The god Apollo is defending Orestes before the Areopagus by declaring that if he dies he can never be raised back up — resurrected. Apollo pleads that Orestes deserves to live because in murdering his mother he was obeying the god’s command and had since been ritually purified. There is no resurrection, Apollo reminds everyone, and this is why death is too harsh a penalty for one who acted on the command of (a) god. (Apollo earlier testified that when he commanded Orestes to avenge his father’s death he did so on the orders of Zeus himself.)
“Luke” brackets Paul’s Areopagus defence with the word ἀνάστασις, resurrection: Acts 17:18 and 32
But some also of the Epicurean and Stoic philosophers attacked him. And some said, What would this chatterer say? and some, He seems to be an announcer of foreign demons, because he announced the glad tidings of Jesus and the resurrection to them. . . . .
Because he hath appointed a day wherein he will judge the world in equity, by the man whom he hath appointed; giving faith to all, by raising him up from the dead. And when they heard of the resurrection of the dead, some mocked, and some said, We will hear thee again also concerning this.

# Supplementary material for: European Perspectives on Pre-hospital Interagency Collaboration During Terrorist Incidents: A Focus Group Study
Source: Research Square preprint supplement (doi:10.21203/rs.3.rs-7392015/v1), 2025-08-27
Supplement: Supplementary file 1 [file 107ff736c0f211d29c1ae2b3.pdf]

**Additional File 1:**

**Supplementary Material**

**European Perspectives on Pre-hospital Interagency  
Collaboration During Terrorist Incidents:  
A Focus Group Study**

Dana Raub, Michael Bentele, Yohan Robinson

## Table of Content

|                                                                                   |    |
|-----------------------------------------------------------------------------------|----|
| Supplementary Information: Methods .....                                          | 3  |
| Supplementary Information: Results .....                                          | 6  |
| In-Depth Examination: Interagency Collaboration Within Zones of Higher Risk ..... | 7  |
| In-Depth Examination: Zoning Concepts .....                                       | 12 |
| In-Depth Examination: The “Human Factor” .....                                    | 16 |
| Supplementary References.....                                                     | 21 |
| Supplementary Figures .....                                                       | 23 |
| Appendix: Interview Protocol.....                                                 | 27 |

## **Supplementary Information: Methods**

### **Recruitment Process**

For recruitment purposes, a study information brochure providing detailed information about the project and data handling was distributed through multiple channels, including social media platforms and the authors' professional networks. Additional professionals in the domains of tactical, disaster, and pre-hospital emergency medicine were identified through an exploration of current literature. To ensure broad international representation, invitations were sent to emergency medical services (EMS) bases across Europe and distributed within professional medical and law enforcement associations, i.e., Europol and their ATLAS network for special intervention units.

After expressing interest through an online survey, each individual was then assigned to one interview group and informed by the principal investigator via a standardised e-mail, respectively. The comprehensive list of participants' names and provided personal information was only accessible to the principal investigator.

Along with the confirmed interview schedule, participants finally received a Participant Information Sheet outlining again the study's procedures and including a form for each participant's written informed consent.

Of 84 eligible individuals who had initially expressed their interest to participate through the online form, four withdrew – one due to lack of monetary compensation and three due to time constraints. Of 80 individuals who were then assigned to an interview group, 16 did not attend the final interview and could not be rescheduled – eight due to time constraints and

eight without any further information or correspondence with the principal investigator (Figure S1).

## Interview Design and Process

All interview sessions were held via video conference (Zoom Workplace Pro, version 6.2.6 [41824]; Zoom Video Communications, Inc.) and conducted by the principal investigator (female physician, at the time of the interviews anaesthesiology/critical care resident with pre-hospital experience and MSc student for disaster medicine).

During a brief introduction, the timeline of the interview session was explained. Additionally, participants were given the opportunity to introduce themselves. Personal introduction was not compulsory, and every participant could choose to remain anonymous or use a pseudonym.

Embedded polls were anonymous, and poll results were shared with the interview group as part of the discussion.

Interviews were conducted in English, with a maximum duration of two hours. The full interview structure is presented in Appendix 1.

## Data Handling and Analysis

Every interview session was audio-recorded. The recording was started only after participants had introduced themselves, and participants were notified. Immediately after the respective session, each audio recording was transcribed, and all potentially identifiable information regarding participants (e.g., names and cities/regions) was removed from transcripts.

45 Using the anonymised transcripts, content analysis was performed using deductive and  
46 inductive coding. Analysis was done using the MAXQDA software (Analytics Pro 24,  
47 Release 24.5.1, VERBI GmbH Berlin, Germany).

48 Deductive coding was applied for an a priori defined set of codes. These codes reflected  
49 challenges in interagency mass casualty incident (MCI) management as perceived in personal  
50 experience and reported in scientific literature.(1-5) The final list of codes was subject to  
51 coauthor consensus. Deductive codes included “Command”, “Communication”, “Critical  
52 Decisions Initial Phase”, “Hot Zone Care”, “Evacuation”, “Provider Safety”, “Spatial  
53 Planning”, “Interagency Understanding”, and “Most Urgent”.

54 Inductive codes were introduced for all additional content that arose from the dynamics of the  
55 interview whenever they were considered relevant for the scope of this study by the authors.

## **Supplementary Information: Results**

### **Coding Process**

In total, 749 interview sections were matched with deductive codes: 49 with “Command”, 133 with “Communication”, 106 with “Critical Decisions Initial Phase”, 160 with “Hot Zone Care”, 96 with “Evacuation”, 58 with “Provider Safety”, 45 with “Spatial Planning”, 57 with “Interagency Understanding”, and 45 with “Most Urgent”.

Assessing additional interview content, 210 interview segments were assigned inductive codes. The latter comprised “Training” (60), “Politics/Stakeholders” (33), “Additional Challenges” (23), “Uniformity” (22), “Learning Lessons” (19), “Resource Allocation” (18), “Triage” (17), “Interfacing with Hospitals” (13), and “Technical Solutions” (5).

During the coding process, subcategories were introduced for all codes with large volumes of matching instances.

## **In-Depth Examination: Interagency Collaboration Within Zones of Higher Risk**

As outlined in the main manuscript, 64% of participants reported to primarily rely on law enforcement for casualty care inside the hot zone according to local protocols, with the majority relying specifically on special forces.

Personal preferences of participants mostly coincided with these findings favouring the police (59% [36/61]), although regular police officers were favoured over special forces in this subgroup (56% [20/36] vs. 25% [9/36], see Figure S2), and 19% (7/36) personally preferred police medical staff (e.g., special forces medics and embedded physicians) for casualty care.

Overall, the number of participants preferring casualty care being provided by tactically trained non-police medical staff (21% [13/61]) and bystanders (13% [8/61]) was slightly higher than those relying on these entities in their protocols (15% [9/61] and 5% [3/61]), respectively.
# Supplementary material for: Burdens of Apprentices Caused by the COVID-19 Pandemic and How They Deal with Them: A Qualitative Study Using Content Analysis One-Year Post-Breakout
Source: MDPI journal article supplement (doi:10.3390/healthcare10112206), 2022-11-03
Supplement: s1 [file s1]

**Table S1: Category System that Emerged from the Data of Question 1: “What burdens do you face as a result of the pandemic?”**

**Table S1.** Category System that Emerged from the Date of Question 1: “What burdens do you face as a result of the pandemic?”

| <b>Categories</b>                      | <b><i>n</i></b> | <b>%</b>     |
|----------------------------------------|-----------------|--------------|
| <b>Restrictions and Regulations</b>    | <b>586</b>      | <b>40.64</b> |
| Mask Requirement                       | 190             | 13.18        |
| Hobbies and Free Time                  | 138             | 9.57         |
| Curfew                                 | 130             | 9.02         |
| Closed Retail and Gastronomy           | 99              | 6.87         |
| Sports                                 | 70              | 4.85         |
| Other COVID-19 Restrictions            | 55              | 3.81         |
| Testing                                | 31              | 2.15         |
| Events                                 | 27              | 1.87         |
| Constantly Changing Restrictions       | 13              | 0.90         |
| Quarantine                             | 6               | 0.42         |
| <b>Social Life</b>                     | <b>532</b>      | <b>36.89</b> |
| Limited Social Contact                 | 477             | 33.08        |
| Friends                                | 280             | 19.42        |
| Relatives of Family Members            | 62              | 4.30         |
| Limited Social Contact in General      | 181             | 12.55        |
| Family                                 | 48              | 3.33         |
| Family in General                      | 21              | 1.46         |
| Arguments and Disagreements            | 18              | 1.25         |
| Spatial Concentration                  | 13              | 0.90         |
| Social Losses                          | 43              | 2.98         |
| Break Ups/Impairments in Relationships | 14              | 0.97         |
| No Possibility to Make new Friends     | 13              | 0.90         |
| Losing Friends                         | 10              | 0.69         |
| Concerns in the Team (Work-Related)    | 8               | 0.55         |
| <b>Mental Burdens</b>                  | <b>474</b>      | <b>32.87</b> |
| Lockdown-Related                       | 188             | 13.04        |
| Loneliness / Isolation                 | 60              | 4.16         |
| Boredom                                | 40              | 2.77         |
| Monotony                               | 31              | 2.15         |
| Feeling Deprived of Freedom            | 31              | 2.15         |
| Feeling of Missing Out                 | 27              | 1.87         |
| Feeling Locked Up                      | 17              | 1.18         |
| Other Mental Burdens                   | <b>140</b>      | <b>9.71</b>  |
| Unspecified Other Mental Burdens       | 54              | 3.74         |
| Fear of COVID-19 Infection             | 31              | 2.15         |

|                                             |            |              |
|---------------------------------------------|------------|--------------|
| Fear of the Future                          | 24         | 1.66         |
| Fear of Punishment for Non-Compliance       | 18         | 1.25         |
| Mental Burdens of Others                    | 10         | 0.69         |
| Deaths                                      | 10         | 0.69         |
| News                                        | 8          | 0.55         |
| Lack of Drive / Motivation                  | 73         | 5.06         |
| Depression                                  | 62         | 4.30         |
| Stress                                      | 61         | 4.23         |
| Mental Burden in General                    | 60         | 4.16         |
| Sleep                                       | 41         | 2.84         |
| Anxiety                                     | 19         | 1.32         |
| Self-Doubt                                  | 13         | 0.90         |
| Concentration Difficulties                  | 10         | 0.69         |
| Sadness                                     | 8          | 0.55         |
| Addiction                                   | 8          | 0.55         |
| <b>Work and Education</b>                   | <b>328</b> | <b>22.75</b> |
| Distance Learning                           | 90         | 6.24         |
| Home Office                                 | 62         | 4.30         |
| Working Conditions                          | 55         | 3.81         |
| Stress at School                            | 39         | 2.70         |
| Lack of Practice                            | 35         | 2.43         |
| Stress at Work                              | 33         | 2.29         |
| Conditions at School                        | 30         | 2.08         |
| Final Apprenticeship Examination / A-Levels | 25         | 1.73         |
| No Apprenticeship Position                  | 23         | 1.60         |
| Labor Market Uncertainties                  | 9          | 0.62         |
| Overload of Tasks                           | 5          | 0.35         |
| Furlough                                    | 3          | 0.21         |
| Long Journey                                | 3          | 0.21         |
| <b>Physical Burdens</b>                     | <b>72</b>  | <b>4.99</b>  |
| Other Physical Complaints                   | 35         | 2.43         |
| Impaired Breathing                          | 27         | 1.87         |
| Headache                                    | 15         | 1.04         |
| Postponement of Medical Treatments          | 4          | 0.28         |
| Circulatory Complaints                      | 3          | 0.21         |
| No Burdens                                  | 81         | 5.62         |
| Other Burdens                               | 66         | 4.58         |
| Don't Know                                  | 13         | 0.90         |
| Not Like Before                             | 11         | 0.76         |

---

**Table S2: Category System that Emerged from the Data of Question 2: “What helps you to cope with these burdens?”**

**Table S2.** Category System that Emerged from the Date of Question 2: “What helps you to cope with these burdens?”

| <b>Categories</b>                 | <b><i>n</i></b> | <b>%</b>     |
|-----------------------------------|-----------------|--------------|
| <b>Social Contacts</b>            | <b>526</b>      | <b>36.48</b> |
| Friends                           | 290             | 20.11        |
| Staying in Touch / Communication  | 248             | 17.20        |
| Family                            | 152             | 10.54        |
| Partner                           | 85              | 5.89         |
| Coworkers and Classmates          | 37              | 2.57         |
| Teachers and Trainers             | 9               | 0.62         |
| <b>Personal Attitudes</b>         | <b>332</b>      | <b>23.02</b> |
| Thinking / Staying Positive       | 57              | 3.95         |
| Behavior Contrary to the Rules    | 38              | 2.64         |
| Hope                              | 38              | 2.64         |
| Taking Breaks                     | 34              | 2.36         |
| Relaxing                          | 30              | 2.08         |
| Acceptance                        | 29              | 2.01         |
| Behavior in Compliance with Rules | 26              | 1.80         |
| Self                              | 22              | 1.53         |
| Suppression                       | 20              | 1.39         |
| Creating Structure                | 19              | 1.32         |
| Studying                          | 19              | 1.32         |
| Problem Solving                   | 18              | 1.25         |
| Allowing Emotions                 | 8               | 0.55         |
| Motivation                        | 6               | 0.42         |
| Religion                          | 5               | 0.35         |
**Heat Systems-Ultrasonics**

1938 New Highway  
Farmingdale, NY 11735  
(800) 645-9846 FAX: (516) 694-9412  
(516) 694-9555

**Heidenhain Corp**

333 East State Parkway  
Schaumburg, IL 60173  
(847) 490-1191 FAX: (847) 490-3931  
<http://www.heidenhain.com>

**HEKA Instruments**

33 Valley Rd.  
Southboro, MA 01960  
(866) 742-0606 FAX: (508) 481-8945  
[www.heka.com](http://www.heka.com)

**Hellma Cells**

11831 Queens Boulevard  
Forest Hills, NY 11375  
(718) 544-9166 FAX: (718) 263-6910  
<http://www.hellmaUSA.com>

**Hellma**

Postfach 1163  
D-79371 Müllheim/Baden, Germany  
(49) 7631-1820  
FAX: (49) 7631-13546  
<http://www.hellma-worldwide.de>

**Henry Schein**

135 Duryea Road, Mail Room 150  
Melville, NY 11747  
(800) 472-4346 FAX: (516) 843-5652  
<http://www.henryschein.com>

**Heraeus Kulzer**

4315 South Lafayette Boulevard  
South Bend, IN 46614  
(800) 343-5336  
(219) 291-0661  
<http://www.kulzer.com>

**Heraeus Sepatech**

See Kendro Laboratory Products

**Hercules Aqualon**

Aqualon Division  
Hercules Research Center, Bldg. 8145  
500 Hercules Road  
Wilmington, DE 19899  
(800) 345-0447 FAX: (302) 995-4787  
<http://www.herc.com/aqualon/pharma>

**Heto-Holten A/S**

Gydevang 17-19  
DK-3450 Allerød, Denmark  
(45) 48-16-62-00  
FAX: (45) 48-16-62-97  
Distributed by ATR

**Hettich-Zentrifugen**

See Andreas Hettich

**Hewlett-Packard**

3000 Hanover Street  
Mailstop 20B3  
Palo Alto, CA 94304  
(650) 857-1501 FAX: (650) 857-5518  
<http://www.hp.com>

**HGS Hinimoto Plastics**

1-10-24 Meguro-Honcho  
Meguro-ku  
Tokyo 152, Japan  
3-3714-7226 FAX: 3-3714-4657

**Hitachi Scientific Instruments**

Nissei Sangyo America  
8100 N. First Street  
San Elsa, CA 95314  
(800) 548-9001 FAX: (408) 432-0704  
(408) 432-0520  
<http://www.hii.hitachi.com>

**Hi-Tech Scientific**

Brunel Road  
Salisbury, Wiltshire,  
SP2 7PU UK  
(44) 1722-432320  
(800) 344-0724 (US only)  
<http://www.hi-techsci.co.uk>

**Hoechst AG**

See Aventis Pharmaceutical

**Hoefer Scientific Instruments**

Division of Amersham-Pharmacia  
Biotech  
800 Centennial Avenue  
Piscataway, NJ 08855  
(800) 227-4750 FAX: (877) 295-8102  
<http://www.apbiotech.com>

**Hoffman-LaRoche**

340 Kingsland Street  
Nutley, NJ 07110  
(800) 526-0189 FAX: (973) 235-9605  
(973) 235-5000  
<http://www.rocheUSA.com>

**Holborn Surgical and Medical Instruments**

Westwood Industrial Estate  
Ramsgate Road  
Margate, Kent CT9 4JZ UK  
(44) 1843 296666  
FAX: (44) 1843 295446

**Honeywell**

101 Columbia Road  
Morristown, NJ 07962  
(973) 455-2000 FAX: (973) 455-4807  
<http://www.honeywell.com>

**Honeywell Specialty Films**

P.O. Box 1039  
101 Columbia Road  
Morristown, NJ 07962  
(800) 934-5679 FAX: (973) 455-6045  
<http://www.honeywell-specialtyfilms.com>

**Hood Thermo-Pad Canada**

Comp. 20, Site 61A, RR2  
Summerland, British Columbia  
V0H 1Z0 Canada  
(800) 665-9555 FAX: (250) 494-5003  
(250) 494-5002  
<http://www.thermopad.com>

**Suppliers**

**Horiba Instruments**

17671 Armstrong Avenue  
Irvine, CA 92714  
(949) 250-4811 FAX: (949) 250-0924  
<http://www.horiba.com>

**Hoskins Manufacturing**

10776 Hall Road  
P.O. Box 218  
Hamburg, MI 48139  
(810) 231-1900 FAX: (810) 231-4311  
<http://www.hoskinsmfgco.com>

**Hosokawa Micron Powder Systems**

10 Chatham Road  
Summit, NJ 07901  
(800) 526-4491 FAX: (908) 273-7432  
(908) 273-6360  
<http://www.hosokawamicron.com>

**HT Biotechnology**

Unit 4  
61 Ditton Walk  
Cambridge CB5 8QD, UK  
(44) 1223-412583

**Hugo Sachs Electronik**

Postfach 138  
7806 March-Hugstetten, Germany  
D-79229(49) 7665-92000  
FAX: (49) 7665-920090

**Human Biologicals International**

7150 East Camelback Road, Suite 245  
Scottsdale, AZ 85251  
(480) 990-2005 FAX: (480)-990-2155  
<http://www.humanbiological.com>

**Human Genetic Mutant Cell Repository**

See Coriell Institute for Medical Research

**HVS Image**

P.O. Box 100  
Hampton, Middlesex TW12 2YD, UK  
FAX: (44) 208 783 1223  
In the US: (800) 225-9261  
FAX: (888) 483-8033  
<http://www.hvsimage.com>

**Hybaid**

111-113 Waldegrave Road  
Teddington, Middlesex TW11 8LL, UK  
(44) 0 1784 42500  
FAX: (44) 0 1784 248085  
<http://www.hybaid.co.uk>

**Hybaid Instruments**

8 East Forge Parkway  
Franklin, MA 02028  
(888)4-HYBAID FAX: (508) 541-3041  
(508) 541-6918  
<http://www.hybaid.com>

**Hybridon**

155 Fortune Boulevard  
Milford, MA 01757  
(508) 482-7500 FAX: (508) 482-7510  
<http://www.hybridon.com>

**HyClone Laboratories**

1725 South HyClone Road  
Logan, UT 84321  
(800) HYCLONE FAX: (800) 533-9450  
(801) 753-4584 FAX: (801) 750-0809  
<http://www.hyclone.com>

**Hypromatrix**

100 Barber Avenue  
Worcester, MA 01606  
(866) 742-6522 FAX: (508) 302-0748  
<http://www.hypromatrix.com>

The common ancient literary technique of inclusio is used. Mark uses the same technique applied to narratives when he so often draws attention to a framing idea/idea contained within the framing words such as his episode of the cleansing of the temple being bracketed by the cursing of the fig-tree. Kauppi draws attention to “Luke’s” use of “resurrection” as an inclusio for Paul’s Areopagus speech. The inclusio is not just in the form of the one word, though. In each case the reference to the resurrection is embedded in mocking scenes.
Aeschylus pointedly writes that Orestes can never be resurrected. When he does speak of Orestes acting in the afterlife he portrays him as a spirit wreaking judgment upon armies who would dare in the future attack Athens.
Aeschylus portrays Orestes as having only a shadowy post-mortem existence as a vengeful spirit. In Acts, an attentive reader would notice a reiteration of the importance of Jesus’ resurrection as the proof of God’s impending judgment upon the world (17:31).
By noting this possible allusion to Eumenides, a Graeco-Roman reader may have contrasted the emphasis on the resurrection in Acts to the blunt finality of the Athenian classical literary heritage, “there is no resurrection” (Eum. 647) (leaf 165)
Notice that Lynn Kauppi does not say that the reader would have recalled his or her memorized lines from Aeschylus, but may well have recalled the “classical literary heritage” that had bequeathed the cultural-literary idea from Aeschylus.
Time. Had fully (well, almost) expected to complete this post last night. Just now I really fully expected to finish it “just now”. But see that the next two segments, (a) the Areopagus, social order and the innocence of Paul and Orestes; and (b) the introduction of new gods — are as long as the longest snake in the world so I now fully expect to finish doing them tomorrow instead.